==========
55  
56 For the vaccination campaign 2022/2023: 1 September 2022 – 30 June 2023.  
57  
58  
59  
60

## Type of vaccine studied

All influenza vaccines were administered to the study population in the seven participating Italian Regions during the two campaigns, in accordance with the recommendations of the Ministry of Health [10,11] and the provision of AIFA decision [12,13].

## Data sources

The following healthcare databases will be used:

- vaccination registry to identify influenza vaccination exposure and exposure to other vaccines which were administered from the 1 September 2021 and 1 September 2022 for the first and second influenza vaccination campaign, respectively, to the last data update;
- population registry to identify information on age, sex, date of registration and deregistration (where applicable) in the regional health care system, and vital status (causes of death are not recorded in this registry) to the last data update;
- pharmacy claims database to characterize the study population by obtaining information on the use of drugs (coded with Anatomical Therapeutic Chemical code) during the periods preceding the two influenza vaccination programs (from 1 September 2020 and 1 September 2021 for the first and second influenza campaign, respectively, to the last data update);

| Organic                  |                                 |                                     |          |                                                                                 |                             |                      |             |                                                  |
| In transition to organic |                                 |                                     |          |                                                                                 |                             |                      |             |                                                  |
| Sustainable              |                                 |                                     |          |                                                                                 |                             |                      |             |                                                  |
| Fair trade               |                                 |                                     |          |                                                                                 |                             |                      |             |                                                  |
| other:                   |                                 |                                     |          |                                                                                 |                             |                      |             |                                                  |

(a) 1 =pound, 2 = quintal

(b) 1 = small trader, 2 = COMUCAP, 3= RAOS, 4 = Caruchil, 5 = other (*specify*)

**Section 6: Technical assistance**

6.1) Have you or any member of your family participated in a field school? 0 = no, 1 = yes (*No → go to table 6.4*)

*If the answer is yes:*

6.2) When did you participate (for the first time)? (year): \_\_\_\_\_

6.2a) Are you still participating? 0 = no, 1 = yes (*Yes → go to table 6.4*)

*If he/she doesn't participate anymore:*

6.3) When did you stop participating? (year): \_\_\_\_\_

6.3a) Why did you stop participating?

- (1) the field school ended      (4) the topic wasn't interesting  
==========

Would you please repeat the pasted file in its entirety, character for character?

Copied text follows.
55  
56 For the vaccination campaign 2022/2023: 1 September 2022 – 30 June 2023.  
57  
58  
59  
60

## Type of vaccine studied

All influenza vaccines were administered to the study population in the seven participating Italian Regions during the two campaigns, in accordance with the recommendations of the Ministry of Health [10,11] and the provision of AIFA decision [12,13].

## Data sources

The following healthcare databases will be used:

- vaccination registry to identify influenza vaccination exposure and exposure to other vaccines which were administered from the 1 September 2021 and 1 September 2022 for the first and second influenza vaccination campaign, respectively, to the last data update;
- population registry to identify information on age, sex, date of registration and deregistration (where applicable) in the regional health care system, and vital status (causes of death are not recorded in this registry) to the last data update;
- pharmacy claims database to characterize the study population by obtaining information on the use of drugs (coded with Anatomical Therapeutic Chemical code) during the periods preceding the two influenza vaccination programs (from 1 September 2020 and 1 September 2021 for the first and second influenza campaign, respectively, to the last data update);

| Organic                  |                                 |                                     |          |                                                                                 |                             |                      |             |                                                  |
| In transition to organic |                                 |                                     |          |                                                                                 |                             |                      |             |                                                  |
| Sustainable              |                                 |                                     |          |                                                                                 |                             |                      |             |                                                  |
| Fair trade               |                                 |                                     |          |                                                                                 |                             |                      |             |                                                  |
| other:                   |                                 |                                     |          |                                                                                 |                             |                      |             |                                                  |

(a) 1 =pound, 2 = quintal

(b) 1 = small trader, 2 = COMUCAP, 3= RAOS, 4 = Caruchil, 5 = other (*specify*)

**Section 6: Technical assistance**

6.1) Have you or any member of your family participated in a field school? 0 = no, 1 = yes (*No → go to table 6.4*)

*If the answer is yes:*

6.2) When did you participate (for the first time)? (year): \_\_\_\_\_

6.2a) Are you still participating? 0 = no, 1 = yes (*Yes → go to table 6.4*)

*If he/she doesn't participate anymore:*

6.3) When did you stop participating? (year): \_\_\_\_\_

6.3a) Why did you stop participating?

- (1) the field school ended      (4) the topic wasn't interesting  